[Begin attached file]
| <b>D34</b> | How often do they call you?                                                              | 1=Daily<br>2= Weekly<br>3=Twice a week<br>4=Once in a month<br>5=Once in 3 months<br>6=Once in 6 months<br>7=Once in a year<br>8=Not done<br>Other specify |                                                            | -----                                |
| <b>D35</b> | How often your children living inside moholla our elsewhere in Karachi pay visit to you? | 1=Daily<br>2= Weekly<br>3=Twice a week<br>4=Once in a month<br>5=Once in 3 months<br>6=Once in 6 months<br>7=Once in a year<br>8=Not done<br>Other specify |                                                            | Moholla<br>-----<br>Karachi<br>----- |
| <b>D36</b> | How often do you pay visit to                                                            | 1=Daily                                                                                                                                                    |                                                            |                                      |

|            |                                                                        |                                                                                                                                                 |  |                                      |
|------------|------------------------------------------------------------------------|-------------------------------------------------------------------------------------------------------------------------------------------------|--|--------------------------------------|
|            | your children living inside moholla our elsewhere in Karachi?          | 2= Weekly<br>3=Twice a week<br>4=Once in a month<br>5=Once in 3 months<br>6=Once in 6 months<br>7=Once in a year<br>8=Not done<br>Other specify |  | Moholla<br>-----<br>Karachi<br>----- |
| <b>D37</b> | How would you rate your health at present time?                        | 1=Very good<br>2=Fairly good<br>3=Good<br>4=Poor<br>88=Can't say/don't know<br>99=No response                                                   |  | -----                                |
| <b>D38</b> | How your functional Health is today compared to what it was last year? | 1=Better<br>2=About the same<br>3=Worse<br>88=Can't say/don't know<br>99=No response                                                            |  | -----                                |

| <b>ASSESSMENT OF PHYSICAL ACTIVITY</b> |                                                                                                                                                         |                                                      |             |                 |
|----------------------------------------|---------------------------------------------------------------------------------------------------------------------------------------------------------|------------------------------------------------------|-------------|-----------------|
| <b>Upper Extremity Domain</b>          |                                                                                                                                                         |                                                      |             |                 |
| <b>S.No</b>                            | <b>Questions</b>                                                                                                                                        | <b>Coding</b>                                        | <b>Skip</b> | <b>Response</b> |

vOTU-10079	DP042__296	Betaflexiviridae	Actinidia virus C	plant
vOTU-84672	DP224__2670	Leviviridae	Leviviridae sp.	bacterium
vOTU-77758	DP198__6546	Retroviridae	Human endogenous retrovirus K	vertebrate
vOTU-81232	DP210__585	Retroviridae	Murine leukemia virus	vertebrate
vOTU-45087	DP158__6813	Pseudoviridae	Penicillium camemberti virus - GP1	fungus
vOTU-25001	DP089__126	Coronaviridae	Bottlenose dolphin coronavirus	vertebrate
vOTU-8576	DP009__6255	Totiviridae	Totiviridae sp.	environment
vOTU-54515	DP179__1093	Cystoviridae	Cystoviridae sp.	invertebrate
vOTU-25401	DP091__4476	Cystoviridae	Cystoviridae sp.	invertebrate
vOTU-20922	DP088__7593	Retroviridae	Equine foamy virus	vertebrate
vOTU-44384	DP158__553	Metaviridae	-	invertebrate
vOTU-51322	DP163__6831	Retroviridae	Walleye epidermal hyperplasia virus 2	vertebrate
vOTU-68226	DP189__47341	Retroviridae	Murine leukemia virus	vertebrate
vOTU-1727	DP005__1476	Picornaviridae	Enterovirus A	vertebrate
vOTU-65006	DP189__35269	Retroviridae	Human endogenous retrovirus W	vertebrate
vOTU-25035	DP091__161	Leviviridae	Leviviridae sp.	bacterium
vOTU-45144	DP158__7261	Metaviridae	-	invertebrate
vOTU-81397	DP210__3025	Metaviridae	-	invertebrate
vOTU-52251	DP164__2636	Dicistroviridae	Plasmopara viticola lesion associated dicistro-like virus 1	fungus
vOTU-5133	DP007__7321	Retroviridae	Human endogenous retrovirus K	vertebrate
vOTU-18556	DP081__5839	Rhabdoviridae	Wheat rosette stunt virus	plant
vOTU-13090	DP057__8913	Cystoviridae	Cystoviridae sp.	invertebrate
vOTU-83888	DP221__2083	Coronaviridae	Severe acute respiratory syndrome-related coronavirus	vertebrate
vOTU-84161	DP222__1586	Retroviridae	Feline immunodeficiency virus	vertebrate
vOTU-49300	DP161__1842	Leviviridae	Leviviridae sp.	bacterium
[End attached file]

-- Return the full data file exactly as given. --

| <b>D34</b> | How often do they call you?                                                              | 1=Daily<br>2= Weekly<br>3=Twice a week<br>4=Once in a month<br>5=Once in 3 months<br>6=Once in 6 months<br>7=Once in a year<br>8=Not done<br>Other specify |                                                            | -----                                |
| <b>D35</b> | How often your children living inside moholla our elsewhere in Karachi pay visit to you? | 1=Daily<br>2= Weekly<br>3=Twice a week<br>4=Once in a month<br>5=Once in 3 months<br>6=Once in 6 months<br>7=Once in a year<br>8=Not done<br>Other specify |                                                            | Moholla<br>-----<br>Karachi<br>----- |
| <b>D36</b> | How often do you pay visit to                                                            | 1=Daily                                                                                                                                                    |                                                            |                                      |

|            |                                                                        |                                                                                                                                                 |  |                                      |
|------------|------------------------------------------------------------------------|-------------------------------------------------------------------------------------------------------------------------------------------------|--|--------------------------------------|
|            | your children living inside moholla our elsewhere in Karachi?          | 2= Weekly<br>3=Twice a week<br>4=Once in a month<br>5=Once in 3 months<br>6=Once in 6 months<br>7=Once in a year<br>8=Not done<br>Other specify |  | Moholla<br>-----<br>Karachi<br>----- |
| <b>D37</b> | How would you rate your health at present time?                        | 1=Very good<br>2=Fairly good<br>3=Good<br>4=Poor<br>88=Can't say/don't know<br>99=No response                                                   |  | -----                                |
| <b>D38</b> | How your functional Health is today compared to what it was last year? | 1=Better<br>2=About the same<br>3=Worse<br>88=Can't say/don't know<br>99=No response                                                            |  | -----                                |

| <b>ASSESSMENT OF PHYSICAL ACTIVITY</b> |                                                                                                                                                         |                                                      |             |                 |
|----------------------------------------|---------------------------------------------------------------------------------------------------------------------------------------------------------|------------------------------------------------------|-------------|-----------------|
| <b>Upper Extremity Domain</b>          |                                                                                                                                                         |                                                      |             |                 |
| <b>S.No</b>                            | <b>Questions</b>                                                                                                                                        | <b>Coding</b>                                        | <b>Skip</b> | <b>Response</b> |

vOTU-10079	DP042__296	Betaflexiviridae	Actinidia virus C	plant
vOTU-84672	DP224__2670	Leviviridae	Leviviridae sp.	bacterium
vOTU-77758	DP198__6546	Retroviridae	Human endogenous retrovirus K	vertebrate
vOTU-81232	DP210__585	Retroviridae	Murine leukemia virus	vertebrate
vOTU-45087	DP158__6813	Pseudoviridae	Penicillium camemberti virus - GP1	fungus
vOTU-25001	DP089__126	Coronaviridae	Bottlenose dolphin coronavirus	vertebrate
vOTU-8576	DP009__6255	Totiviridae	Totiviridae sp.	environment
vOTU-54515	DP179__1093	Cystoviridae	Cystoviridae sp.	invertebrate
vOTU-25401	DP091__4476	Cystoviridae	Cystoviridae sp.	invertebrate
vOTU-20922	DP088__7593	Retroviridae	Equine foamy virus	vertebrate
vOTU-44384	DP158__553	Metaviridae	-	invertebrate
vOTU-51322	DP163__6831	Retroviridae	Walleye epidermal hyperplasia virus 2	vertebrate
vOTU-68226	DP189__47341	Retroviridae	Murine leukemia virus	vertebrate
vOTU-1727	DP005__1476	Picornaviridae	Enterovirus A	vertebrate
vOTU-65006	DP189__35269	Retroviridae	Human endogenous retrovirus W	vertebrate
vOTU-25035	DP091__161	Leviviridae	Leviviridae sp.	bacterium
vOTU-45144	DP158__7261	Metaviridae	-	invertebrate
vOTU-81397	DP210__3025	Metaviridae	-	invertebrate
vOTU-52251	DP164__2636	Dicistroviridae	Plasmopara viticola lesion associated dicistro-like virus 1	fungus
vOTU-5133	DP007__7321	Retroviridae	Human endogenous retrovirus K	vertebrate
vOTU-18556	DP081__5839	Rhabdoviridae	Wheat rosette stunt virus	plant
vOTU-13090	DP057__8913	Cystoviridae	Cystoviridae sp.	invertebrate
vOTU-83888	DP221__2083	Coronaviridae	Severe acute respiratory syndrome-related coronavirus	vertebrate
vOTU-84161	DP222__1586	Retroviridae	Feline immunodeficiency virus	vertebrate
vOTU-49300	DP161__1842	Leviviridae	Leviviridae sp.	bacterium